Thursday, April 21, 2016
For most of us, money and shame are a lot closer to each other than we'd like to admit.
I am really feeling this one recently. It's not like I haven't known I had shame about money, but it's coming up in an irrefutable way. My desire to not discuss it. The tears or anger when I do. All of my family's history in talking about it in odd ways or not talking about it.
When I struggle with it, I try to remember how universal it is, and how immediately sweeping away powerful it is for so many people. So easy to get on that ride of money shame and ride it all day long and all night long. I am interested in renunciation - not renunciating spending or material goods, which, while budgeting is important, totally reducing spending to nothing won't help. I am ready to renunciate samsara - the ultimate repulsive shame cycle carnival ride. But I know from experience that has to happen over time, bit-by-bit, again and again. These habits are deep and well-worn.
Friday, April 08, 2016
Sometimes I have an idea for a post that seems too simple. Part of me thinks it needs to have multiple paragraphs, a story, etc. but the fact is, so much of what I practice, study and teach is the kind of simple profundity that merits a single paragraph of reading - and a lifetime of constant contemplation. I don't always trust I can communicate the simple profundity, even though I know full well I've experienced it many times in something as small as a haiku. Or simply lying in bed, or meditating.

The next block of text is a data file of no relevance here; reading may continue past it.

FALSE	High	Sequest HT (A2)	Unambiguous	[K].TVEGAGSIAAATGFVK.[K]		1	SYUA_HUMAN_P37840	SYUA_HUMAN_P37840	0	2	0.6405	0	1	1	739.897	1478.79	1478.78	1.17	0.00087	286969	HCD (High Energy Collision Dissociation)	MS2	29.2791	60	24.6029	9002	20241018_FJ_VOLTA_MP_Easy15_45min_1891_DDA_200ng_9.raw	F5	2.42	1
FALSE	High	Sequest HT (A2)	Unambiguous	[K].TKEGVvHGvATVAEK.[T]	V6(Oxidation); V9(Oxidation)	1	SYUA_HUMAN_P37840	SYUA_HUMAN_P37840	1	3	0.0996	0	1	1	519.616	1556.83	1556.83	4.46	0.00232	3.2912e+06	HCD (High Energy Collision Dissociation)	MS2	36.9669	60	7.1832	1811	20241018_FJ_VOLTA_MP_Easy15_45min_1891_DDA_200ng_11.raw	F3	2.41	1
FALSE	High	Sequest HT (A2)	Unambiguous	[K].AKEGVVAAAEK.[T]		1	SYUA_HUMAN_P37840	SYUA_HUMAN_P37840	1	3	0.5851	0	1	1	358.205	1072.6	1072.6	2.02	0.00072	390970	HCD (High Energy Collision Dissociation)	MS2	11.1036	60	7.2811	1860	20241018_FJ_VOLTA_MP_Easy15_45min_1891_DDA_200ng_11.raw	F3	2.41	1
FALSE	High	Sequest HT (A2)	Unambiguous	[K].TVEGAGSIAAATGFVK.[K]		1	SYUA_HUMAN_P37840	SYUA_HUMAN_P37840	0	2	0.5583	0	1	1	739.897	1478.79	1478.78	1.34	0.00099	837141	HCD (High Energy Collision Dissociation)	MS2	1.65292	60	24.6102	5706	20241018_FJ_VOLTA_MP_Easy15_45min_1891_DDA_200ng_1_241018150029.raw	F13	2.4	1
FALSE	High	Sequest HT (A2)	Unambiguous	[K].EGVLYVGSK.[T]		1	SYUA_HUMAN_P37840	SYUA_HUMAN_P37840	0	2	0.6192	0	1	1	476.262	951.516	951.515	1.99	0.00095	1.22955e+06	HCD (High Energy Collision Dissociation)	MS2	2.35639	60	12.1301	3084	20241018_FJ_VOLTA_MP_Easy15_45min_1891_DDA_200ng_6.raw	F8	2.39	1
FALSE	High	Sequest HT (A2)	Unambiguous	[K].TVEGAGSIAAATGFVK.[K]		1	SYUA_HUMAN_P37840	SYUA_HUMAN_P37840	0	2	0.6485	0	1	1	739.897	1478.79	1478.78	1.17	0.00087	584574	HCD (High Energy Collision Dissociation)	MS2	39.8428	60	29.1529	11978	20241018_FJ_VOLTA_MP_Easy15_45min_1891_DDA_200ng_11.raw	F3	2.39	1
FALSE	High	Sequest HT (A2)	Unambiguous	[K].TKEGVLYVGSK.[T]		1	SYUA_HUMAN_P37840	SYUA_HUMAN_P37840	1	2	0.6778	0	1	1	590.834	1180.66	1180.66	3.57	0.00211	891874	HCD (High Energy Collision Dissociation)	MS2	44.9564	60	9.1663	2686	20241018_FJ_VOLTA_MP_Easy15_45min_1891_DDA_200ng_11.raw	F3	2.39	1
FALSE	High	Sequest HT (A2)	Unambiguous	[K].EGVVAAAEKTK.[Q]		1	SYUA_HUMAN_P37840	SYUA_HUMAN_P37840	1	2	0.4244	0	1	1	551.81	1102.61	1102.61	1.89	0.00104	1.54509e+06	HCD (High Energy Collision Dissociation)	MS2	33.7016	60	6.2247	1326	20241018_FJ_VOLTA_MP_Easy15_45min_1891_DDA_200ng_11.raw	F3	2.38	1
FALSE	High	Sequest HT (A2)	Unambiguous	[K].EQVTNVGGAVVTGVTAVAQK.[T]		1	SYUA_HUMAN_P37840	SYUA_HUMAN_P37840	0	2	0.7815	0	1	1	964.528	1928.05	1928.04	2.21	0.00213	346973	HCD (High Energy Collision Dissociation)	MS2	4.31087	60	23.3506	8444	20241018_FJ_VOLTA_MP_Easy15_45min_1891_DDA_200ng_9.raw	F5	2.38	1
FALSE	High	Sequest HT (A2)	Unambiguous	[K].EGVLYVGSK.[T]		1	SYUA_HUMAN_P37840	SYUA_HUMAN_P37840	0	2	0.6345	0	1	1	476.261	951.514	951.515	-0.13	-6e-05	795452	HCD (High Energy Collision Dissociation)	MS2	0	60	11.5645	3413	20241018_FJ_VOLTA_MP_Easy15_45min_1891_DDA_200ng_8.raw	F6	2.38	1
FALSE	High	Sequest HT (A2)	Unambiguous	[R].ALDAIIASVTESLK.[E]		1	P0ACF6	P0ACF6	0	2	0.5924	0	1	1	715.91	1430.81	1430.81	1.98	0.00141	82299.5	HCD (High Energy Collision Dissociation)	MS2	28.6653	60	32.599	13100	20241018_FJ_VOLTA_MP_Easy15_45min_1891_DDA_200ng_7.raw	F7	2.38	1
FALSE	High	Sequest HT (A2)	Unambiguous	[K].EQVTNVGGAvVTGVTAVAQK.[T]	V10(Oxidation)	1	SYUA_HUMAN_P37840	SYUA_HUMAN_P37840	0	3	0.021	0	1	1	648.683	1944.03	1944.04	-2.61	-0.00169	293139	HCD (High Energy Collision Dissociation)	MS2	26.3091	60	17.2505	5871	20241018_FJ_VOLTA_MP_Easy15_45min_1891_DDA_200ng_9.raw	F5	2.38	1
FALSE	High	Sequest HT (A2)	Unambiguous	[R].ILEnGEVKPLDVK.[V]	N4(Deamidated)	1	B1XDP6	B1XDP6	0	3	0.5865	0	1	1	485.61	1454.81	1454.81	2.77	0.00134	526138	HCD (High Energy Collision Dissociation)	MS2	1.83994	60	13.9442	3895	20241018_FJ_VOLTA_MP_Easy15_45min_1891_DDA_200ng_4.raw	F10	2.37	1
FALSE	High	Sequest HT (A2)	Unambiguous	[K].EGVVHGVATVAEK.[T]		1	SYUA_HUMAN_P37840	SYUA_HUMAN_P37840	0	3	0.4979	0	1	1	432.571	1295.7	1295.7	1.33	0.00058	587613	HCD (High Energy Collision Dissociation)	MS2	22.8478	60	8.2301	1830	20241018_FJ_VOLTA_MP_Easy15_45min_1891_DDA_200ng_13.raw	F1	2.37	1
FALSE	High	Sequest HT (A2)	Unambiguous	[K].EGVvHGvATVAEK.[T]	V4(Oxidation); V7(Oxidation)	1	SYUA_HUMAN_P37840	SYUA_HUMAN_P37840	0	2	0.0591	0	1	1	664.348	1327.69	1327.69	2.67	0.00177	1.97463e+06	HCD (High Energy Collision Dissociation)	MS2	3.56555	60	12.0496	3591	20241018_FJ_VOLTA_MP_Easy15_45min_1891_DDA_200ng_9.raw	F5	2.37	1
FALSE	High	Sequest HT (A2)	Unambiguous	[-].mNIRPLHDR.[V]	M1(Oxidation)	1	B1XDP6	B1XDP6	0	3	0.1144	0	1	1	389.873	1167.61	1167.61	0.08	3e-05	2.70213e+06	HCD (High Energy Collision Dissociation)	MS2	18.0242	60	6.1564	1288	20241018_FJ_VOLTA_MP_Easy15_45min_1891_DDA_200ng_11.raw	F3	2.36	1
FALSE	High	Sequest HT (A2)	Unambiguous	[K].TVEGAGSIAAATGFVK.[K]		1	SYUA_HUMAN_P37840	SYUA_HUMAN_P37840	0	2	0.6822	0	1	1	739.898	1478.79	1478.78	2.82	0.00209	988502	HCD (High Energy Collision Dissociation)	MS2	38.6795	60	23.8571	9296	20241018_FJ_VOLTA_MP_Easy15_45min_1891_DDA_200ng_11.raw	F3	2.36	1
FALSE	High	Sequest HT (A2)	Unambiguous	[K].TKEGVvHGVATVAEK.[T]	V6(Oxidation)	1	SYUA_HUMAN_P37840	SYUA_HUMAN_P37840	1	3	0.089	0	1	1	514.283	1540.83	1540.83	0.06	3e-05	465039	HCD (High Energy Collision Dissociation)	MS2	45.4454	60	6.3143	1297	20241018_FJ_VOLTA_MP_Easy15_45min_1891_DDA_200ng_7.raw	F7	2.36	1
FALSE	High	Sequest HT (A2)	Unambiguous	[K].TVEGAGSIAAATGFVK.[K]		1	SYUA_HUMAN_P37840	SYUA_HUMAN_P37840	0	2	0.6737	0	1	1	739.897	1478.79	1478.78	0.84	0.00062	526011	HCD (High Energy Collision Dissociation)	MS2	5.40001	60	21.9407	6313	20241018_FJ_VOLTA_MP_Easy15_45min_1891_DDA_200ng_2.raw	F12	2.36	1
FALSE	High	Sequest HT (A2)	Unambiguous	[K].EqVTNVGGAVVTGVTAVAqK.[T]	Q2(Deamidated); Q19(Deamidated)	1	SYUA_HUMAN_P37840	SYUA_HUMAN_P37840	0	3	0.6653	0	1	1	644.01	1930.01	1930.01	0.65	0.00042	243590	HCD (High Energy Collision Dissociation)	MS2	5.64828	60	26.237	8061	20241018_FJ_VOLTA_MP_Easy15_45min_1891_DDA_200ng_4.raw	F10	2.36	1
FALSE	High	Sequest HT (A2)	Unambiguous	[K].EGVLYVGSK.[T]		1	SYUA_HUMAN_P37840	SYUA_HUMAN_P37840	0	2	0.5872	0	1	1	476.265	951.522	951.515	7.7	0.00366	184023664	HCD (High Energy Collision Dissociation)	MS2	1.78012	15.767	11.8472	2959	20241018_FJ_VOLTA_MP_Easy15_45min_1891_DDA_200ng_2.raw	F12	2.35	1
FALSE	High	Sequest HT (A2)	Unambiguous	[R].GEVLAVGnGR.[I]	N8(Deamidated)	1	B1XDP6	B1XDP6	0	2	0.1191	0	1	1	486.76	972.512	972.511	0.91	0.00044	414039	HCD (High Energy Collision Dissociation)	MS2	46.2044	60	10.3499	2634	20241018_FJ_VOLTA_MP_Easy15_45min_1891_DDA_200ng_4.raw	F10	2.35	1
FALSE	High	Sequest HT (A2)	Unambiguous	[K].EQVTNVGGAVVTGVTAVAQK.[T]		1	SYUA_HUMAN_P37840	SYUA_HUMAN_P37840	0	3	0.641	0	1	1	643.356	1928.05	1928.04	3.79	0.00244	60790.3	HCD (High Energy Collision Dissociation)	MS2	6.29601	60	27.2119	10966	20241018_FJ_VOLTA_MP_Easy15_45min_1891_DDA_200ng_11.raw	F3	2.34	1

What is my post today? Lying in bed this morning, I heard the Wisconsin April birds chirping: Robins, Cardinals, Finches, Sparrows, Black-Capped Chickadees. Because we live less than a block from a major street and a busy intersection, in less than a breath the bird sounds were covered by trucks and traffic. And it hit me: some part of me believes the birds stops singing when the trucks go by. But they don't. I just stop hearing them.
This may sound obvious, but that's how simple profundity works. More and more I think it is about the gap between our conscious knowing, which says: of course I know I just don't hear the birds at that point, just like I know the sun hasn't gone away when the clouds cover it from my view; and our child mind, our unconscious and naive perception, which isn't so sure.
We like to think our conscious mind and beliefs are what drive us: rational, logical, adult. But the fact is, they don't. So many of our decisions and opinions are shaped not by what we know in a conscious sense, but by our unconscious beliefs.
That's what I have to say. Almost scoffable in its simplicity. Scoff if you want. But I am going to keep paying attention. These moments pop open my perception and give me a glimpse of the complexity and richness of my mind and the world around me, if I let them. This morning, right now, I am letting them. I invite you to, too.